So, I had actually planned to read the two sister series Irredeemable and Incorruptible at the same time. I knew the former spawned the latter and they were both fairly interconnected in their duel stories from writer Mark Waid about a superhero who went bad and one of his greatest enemies deciding to do good. However, I couldn’t. I would have just flipped back and forth between chapters/issues, but neither Omnibus showed where one issue ended and another began, so I would have to make my own best guesses, and Irredeemable actually ran for more issues. Both books had all the parts of the time the two series did a crossover, so I wouldn’t necessarily miss anything if I went with Irredeemable first.
Turns out I was fine going that route, but I’ll explain more when I finish and review Incorruptible.
Irredeemable tells the story of the Plutonian, a Superman-like hero who, one day, goes bad. Really bad. The best way to understand it is to see the opening scene where this universe’s Batman, the Hornet, is running scared back home to warn his wife and kids that they need to hide. Then Plutonian shows up and effortlessly kills most of them (one of the kids may survive…it’s vague). Plutonian has already destroyed the city he called home and killed most of the residents, destabilized the world’s governments and economy, and has no compunction killing as many people as he wants to. His surviving teammates on the Justice League-like superteam the Paradigm are running for their lives, trying to understand why the man they all call “Tony” went bad.
It turns out they don’t really know much about him. The man they thought they knew was, well, not that guy. Or he was, but the job of being the world’s greatest hero is both lonely and stressful. It would seem that Tony just, well, snapped.
Now, Evil Superman stories are old hat by this point. The Boys has gotten a lot of mileage out of that idea both in print and on TV with the Homelander, and that’s just one example. Other stories might show Superman or his stand-in opting to go for some kind of world domination. The Plutonian goes neither the Homelander route of the occasionally homicidal frat boy nor the world domination route. Instead, he’s more interested in simply spreading fear and murder while terrifying pretty much everybody. This is a world with a Superman that doesn’t really have anything like Kryptonite. How do you stop and unstoppable man?
The answer may be to figure out what made him go bad, but that won’t help if no one can even stand up to him.
This is an excellent series, and it helps that Waid has more or less mastered storytelling in this medium, particularly with superheroes. For all the horrific death and destruction that happens in this series, there’s a part of me that suspects it could actually be published by DC or Marvel. There’s violence, but not particularly graphic violence in many instances (a demon that materializes out of a living body may be the biggest exception, but the worst of it always happens off-panel). There’s no particularly strong profanity. There’s not much sex, and what nudity the series has is generally hidden with strategic objects. That Waid could do all this while still maintaining something like a PG-13 rating is impressive.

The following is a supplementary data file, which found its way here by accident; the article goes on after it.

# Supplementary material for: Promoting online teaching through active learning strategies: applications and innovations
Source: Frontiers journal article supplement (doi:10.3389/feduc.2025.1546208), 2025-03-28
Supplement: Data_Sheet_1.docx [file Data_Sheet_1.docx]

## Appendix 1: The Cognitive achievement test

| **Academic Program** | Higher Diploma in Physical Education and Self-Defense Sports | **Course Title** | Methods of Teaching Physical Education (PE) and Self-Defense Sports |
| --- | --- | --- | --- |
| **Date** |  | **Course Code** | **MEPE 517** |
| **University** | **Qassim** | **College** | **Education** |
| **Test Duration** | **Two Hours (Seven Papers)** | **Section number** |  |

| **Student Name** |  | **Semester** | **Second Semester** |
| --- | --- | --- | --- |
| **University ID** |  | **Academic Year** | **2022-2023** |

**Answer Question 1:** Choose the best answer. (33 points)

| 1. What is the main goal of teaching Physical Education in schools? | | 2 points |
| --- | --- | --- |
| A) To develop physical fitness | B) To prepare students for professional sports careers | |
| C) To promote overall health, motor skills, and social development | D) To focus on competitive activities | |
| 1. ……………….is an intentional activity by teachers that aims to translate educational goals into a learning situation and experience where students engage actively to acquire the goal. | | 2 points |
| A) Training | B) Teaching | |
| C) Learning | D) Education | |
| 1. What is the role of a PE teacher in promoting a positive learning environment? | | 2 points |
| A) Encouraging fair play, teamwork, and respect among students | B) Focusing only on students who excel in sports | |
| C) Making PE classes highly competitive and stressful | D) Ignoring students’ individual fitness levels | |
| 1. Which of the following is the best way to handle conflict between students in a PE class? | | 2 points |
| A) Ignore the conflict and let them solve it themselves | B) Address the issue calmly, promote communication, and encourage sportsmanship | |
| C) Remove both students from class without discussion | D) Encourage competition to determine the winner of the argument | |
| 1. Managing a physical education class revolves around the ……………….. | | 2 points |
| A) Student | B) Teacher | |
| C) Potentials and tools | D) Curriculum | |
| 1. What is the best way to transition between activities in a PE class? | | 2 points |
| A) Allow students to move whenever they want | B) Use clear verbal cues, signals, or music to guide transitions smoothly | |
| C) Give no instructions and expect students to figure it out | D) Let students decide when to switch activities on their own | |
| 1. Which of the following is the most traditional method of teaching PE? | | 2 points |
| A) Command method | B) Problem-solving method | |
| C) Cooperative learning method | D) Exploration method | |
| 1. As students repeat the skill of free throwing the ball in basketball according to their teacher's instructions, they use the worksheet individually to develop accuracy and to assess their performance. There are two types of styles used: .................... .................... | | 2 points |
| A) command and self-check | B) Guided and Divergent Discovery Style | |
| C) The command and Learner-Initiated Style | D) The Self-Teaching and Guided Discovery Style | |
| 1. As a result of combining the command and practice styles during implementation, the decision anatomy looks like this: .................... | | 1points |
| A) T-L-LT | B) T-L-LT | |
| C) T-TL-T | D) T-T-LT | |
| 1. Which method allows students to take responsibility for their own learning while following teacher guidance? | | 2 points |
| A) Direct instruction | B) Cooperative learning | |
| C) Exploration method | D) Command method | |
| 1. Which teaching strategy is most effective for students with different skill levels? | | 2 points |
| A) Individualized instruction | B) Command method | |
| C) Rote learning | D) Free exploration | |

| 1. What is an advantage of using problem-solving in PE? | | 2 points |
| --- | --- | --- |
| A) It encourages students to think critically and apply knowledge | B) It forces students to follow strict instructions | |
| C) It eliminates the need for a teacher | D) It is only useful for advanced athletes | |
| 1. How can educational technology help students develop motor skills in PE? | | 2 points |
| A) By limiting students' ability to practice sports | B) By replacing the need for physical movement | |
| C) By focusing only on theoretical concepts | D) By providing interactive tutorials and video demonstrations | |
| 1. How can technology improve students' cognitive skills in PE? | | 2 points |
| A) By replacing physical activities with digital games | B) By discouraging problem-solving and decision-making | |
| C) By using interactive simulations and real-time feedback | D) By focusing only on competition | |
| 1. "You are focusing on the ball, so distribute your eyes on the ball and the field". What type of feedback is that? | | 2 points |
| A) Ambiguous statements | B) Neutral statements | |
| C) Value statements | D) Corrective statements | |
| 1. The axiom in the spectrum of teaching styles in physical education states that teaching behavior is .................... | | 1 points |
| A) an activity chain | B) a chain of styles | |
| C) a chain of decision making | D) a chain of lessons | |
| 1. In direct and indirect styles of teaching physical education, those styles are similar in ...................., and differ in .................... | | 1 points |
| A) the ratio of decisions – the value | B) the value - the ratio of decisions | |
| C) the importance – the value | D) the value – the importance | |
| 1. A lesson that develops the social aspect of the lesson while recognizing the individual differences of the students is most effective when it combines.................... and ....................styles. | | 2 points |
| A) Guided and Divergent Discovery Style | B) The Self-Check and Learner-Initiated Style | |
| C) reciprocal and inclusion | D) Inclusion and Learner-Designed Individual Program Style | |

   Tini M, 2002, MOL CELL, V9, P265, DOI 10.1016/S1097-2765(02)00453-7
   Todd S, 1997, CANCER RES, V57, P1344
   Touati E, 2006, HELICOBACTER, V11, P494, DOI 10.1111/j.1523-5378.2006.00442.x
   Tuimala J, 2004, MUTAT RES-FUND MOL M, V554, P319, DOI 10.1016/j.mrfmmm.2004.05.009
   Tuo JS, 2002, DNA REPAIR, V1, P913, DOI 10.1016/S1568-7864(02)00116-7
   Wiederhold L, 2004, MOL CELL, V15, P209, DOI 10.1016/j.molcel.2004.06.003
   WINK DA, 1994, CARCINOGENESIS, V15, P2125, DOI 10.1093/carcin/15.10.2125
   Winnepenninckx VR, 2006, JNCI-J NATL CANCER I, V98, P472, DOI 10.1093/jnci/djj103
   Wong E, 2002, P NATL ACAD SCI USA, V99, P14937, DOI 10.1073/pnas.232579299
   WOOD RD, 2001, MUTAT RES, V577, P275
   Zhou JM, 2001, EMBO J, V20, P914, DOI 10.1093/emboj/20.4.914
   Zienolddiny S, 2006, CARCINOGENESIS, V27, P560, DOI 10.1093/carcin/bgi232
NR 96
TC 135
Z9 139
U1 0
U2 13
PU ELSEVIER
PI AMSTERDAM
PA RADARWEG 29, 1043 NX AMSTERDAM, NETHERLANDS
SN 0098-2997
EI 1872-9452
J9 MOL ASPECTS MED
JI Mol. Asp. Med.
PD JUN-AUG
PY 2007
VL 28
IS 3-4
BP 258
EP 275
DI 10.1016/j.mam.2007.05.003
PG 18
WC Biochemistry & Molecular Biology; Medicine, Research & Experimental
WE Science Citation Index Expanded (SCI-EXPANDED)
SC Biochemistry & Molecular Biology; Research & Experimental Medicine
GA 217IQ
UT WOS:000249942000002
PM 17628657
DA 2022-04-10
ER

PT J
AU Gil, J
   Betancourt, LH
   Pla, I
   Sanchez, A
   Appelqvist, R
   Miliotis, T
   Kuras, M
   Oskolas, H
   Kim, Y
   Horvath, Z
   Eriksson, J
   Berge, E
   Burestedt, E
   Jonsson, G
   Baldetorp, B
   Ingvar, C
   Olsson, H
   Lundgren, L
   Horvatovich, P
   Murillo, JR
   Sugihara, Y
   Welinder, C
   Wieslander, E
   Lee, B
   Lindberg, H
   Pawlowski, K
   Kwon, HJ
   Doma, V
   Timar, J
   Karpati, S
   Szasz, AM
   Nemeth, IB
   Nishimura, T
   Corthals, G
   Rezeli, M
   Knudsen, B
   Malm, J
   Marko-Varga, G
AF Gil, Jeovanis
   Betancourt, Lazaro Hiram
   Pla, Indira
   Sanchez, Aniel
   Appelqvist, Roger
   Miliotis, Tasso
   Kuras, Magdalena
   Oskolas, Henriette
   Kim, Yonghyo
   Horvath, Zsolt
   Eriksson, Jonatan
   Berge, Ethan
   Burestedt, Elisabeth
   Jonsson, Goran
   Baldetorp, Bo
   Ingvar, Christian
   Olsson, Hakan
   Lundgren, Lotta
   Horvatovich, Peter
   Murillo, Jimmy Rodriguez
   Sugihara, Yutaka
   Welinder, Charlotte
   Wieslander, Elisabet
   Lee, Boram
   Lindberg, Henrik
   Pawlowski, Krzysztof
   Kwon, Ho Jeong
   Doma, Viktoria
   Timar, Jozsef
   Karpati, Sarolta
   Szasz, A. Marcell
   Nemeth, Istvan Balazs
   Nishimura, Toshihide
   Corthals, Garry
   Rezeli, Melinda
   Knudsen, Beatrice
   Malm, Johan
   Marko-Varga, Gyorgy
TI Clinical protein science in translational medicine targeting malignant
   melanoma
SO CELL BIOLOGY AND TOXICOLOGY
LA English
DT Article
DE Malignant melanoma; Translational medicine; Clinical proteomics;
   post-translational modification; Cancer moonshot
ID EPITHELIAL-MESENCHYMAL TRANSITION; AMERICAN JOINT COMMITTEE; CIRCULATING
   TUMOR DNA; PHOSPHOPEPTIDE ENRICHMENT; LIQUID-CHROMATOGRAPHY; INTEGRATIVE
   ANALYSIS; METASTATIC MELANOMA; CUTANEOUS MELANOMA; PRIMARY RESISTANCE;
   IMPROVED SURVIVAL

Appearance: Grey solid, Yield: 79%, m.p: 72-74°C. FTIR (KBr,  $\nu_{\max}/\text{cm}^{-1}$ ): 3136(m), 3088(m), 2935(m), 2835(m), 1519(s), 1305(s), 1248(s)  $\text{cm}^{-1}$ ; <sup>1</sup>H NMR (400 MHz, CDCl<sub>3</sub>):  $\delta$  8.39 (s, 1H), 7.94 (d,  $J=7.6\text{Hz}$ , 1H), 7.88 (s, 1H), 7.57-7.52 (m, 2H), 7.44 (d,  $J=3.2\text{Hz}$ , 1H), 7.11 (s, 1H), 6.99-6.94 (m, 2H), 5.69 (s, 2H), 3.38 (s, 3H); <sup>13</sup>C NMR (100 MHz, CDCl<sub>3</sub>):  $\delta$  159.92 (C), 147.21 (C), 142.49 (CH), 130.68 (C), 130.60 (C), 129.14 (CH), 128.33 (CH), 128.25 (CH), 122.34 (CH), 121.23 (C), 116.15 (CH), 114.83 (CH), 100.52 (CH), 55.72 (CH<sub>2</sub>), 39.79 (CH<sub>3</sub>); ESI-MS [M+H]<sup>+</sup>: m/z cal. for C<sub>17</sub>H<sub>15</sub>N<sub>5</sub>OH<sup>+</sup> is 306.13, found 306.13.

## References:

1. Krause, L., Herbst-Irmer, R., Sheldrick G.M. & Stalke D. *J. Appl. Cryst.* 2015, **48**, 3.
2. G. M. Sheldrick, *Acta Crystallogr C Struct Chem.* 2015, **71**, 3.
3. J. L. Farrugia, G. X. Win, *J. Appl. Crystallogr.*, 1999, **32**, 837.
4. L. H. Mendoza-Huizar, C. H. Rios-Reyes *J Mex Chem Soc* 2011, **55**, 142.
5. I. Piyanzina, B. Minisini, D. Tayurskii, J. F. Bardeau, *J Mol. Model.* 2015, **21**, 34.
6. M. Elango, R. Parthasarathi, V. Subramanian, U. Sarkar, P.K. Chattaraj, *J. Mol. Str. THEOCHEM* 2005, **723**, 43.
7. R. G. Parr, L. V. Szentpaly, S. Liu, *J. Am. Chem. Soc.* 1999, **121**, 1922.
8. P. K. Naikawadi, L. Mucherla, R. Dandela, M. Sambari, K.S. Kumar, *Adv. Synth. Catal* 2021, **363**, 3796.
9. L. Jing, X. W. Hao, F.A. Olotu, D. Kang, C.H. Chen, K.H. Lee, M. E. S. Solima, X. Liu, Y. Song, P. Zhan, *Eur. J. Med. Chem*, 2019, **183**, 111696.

Contrast that with, say, Geoff Johns trying to use profanity (poorly) in Doomsday Clock where it always feels like a kid trying to use his father’s language and only able to copy it without the knack for using it effectively, and it isn’t that hard to see the difference.
But the way Waid makes it work is that, despite the fact this is still a fantastic, supehero universe-sort of setting is he understands the psychology of his characters and allows them to react like real human beings. Plutonian’s reasons are beyond any sort of simple explanation of one bad day, and the series as a whole is about explaining why he became what he became. But Waid also gives quite a bit of time to the other characters. The surviving members of the Paradigm are all flawed in their own ways whether its mechanical genius Qubit’s struggle to find hope, Bette Noir’s guilt for not stopping Tony when she had the chance, or Survivor’s self-centered feeling of superiority when his power increases enough to perhaps challenge Tony in a fight. The one character who I felt was maybe not as well-developed as the others was Modeus, Plutonian’s archenemy, mostly because once his motivation comes out, he tends to repeat himself quite a bit.
So, yeah, this was as good as I had heard. Not flawless, but well worth my time to read.
9.5 out of 10 alien prisoners with surprising secrets.
Now to finish this up with the story of Max Damage. I’ll hopefully have that review up soon.